- Author: Kathy Keatley Garvey
From a beneficial insect to pests...
It's good to see the wide diversity of topics in the UC Davis Department of Entomology and Nematology's winter seminar schedule.
Seminar coordinator Christian Nansen, agricultaral entomologist and an assistant professor, has just announced the list of speakers.
The seminars, open to all interested persons, are scheduled on Wednesdays from 4:10 to 5 p.m. beginning Jan. 11 and continuing through March 15 in Room 122 of Briggs Hall, located on Kleiber Hall Drive, UC Davis campus. Plans are to record all the seminars for later viewing on UCTV.
Some seminars are quite technical but all look interesting--especially the one on honey bees. William Meikle, Carl Hayden Bee Research Center, Agricultural Research Center, U.S. Department of Agriculture, will speak March 15 on "Using Continuous Monitoring to Measure Colony-Level Behavior in Social Insects: A Case Study with Honey Bees." Meikle received his doctorate in entomology from UC Berkeley.
A familiar name and face is Kelli Hoover, who received her doctorate in entomology from UC Davis in 1997. Now a professor of entomology at Pennsylvania State University, she'll speak on "Mechanisms of Resistance in Poplar Against the Asian Longhorned Beetle and Its Gut Symbionts" on March 8.
While a grad student at UC Davis, Hoover studied with major professors Bruce Hammock and Sean Duffey (1943-1997). After a one-year postdoctoral position at UC Berkeley, she joined the faculty of the Penn State University Department of Entomology in 1998.
Her research program at Penn State focuses on invasive species, including development of trapping techniques for the Asian longhorned beetle; gut microbial symbionts of the Asian longhorned beetle and hemlock woolly adelgid; functions of key viral genes in transmission of the gypsy moth baculovirus and anti-viral defenses; and biological control of hemlock woolly adelgid.
UC Davis professor Diane Ullman, an expert on flower thrips, will speak Jan. 18 on "Journey into the Microcosm: A Closer Look at the Western Flower Thrips." She describes thrips as tiny insects that pierce and suck fluids from hundreds of species of plants, including tomatoes, grapes, strawberries and soybeans. The pests cause billions of dollars in damage to U.S. agricultural crops as direct pests and in transmitting plant viruses in the genus Tospovirus, such as Tomato spotted wilt virus. “There are 23 additional approved and emerging tospovirus genotypes transmitted by at least 14 thrips species (Thysanoptera: Thripidae),” said Ullman, who has been researching thrips and tospoviruses since 1987.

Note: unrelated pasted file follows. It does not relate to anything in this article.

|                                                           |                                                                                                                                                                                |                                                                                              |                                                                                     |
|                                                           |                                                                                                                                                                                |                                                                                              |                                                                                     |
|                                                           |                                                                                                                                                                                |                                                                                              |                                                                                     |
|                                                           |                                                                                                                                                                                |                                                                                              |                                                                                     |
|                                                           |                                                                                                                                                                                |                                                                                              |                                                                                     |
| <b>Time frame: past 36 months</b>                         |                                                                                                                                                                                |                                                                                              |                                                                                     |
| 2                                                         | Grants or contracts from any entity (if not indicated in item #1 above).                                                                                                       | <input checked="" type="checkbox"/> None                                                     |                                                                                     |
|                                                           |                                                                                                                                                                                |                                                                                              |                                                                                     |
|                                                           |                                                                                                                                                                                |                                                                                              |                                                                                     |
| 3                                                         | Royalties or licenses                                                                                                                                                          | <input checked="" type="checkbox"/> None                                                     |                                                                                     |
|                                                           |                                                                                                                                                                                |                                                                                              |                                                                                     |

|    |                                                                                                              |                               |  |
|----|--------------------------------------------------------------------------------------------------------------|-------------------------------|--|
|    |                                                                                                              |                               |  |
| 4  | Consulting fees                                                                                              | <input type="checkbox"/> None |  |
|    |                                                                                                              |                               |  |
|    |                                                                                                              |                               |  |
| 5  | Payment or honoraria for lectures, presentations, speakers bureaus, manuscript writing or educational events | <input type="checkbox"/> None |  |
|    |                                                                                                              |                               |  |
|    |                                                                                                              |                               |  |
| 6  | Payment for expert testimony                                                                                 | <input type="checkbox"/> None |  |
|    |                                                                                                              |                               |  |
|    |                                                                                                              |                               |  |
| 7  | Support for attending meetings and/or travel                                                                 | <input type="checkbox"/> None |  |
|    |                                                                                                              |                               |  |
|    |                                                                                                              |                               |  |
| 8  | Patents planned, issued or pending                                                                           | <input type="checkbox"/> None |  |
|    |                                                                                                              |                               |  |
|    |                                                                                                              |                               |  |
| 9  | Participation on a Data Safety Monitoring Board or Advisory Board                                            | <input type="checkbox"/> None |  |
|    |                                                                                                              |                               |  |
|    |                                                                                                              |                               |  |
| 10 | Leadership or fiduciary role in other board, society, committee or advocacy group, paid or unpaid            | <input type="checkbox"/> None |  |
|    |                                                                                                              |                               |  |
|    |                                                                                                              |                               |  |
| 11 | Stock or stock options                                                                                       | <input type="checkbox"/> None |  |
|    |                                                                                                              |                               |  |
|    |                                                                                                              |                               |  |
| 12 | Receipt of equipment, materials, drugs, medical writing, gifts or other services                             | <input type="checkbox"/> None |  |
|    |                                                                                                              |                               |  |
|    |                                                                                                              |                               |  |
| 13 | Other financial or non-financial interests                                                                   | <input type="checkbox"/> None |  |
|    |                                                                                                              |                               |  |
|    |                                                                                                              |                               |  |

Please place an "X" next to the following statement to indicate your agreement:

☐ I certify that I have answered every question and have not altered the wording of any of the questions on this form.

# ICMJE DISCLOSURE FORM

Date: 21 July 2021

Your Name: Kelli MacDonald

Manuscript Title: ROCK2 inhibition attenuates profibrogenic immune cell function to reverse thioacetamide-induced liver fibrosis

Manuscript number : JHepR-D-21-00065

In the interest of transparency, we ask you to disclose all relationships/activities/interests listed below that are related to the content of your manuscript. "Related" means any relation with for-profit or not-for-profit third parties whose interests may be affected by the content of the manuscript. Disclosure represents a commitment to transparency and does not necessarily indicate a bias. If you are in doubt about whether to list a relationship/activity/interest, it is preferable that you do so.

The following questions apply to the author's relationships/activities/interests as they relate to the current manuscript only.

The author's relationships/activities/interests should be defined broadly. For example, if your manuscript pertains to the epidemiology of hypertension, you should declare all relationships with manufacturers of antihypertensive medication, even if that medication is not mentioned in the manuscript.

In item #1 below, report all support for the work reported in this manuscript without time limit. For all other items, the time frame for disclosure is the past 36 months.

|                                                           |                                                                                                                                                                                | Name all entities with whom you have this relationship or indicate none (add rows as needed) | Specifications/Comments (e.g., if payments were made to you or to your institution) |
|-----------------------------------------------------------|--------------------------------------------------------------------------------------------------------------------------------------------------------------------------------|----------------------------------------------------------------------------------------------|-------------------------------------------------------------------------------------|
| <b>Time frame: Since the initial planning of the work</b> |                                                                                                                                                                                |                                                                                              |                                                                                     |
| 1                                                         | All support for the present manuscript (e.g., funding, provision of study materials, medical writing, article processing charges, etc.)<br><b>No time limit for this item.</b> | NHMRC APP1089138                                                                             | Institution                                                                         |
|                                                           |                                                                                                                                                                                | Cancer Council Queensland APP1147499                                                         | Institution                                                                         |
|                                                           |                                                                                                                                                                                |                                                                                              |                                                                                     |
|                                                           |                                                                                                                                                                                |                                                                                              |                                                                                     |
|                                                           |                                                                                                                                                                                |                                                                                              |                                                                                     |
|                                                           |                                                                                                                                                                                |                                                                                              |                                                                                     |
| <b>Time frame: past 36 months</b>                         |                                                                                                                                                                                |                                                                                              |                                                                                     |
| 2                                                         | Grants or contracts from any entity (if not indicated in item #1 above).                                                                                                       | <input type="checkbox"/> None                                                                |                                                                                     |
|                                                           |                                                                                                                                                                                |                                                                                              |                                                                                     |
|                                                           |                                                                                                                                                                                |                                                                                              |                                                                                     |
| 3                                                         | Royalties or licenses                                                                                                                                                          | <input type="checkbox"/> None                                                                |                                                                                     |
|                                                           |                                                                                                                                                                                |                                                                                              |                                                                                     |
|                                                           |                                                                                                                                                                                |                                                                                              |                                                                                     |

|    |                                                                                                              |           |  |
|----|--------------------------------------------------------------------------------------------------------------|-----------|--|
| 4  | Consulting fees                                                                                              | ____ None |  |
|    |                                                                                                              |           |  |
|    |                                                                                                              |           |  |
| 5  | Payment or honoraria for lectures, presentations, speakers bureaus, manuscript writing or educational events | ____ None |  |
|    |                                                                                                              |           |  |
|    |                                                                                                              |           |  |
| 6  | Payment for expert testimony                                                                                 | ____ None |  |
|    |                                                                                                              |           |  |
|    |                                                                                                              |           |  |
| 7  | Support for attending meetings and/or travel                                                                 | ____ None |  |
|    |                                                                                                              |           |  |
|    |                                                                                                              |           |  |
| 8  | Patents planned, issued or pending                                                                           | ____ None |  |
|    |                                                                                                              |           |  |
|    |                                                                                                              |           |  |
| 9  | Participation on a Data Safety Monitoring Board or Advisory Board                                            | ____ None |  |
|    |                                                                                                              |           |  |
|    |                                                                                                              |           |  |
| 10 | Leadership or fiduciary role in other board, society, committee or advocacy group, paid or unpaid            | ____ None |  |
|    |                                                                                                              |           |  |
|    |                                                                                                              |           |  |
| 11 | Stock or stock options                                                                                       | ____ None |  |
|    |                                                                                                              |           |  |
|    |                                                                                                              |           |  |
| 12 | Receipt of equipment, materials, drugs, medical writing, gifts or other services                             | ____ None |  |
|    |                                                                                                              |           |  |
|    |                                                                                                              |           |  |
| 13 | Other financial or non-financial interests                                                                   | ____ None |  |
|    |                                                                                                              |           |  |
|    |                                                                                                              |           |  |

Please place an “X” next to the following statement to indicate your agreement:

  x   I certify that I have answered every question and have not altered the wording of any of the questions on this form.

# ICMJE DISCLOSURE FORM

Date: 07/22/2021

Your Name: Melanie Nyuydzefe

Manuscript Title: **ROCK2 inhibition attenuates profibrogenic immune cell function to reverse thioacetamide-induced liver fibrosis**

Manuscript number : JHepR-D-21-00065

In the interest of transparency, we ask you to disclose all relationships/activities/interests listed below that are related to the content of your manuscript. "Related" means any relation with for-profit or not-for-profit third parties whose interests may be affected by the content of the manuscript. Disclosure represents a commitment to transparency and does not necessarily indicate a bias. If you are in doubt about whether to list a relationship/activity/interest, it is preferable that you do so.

The seminar schedule:
Wednesday, Jan. 11
Marco Gebiola, postdoctoral fellow, University of Arizona, Tucson
Topic: ""From Embroys to Hybrids: How the Symbiont Cardinium Shapes the Ecology and Evolution of Encarsia Parasitoids"
Wednesday, Jan. 18
Diane Ullman, professor, UC Davis Department of Entomology and Nematology
Topic: "Journey into the Microcosm: A Closer Look at the Western Flower Thrips"
Wednesday, Jan. 25
Sharon Lawler, professor of entomology, and Ph.D candidate Erin Donley, UC Davis Department of Entomology and Nematology
Topic: "Effects of Aquatic Vegetation and Its Management on Aquatic Invertebrates"
Wednesday, Feb. 1
Greg Sword, professor and Charles R. Parencia Chair in Cotton Entomology, Department of Entomology, Texas A&M, College Station
Topic: "Fungal Endophytes Can Mediate Resistance to Insects, Nematodes and Drought in Cotton Agroecosytems"
Wednesday, Feb. 8
Jennifer Thaler, professor, Department of Entomology, Cornell University, Ithaca, N.Y.
Topic: "Tritrophic Interactions and the Ecology of Fear"
Wednesday, Feb. 15
Pedro Miura, assistant professor, Department of Biology, University of Nevada, Reno
Topic: "Age Accumulation of CircRNAs"
Wednesday, Feb. 22
Jared Ali, assistant professor of entomology, Pennsylvania State University, University Park
Topic: "Multi-Trophic Interactions and the Chemical Ecology of Plant Defenses in Above and Below Ground Contexts"
Wednesday, March 1
Christian Nansen, assistant professor, UC Davis Department of Entomology and Nematology
Topic: "Reflectance Profiling as a Tool to Study Insects and Other Objects"
Wednesday, March 8
Kelli Hoover, professor of entomology, Pennsylvania State University, University Park
Topic: "Mechanisms of Resistance in Poplar Against the Asian Longhorned Beetle and Its Gut Symbionts"
Wednesday, March 15
William Meikle, Carl Hayden Bee Research Center, Agricultural Research Center, U.S. Department of Agriculture
Topic: "Using Continuous Monitoring to Measure Colony-Level Behavior in Social Insects: A Case Study with Honey Bees"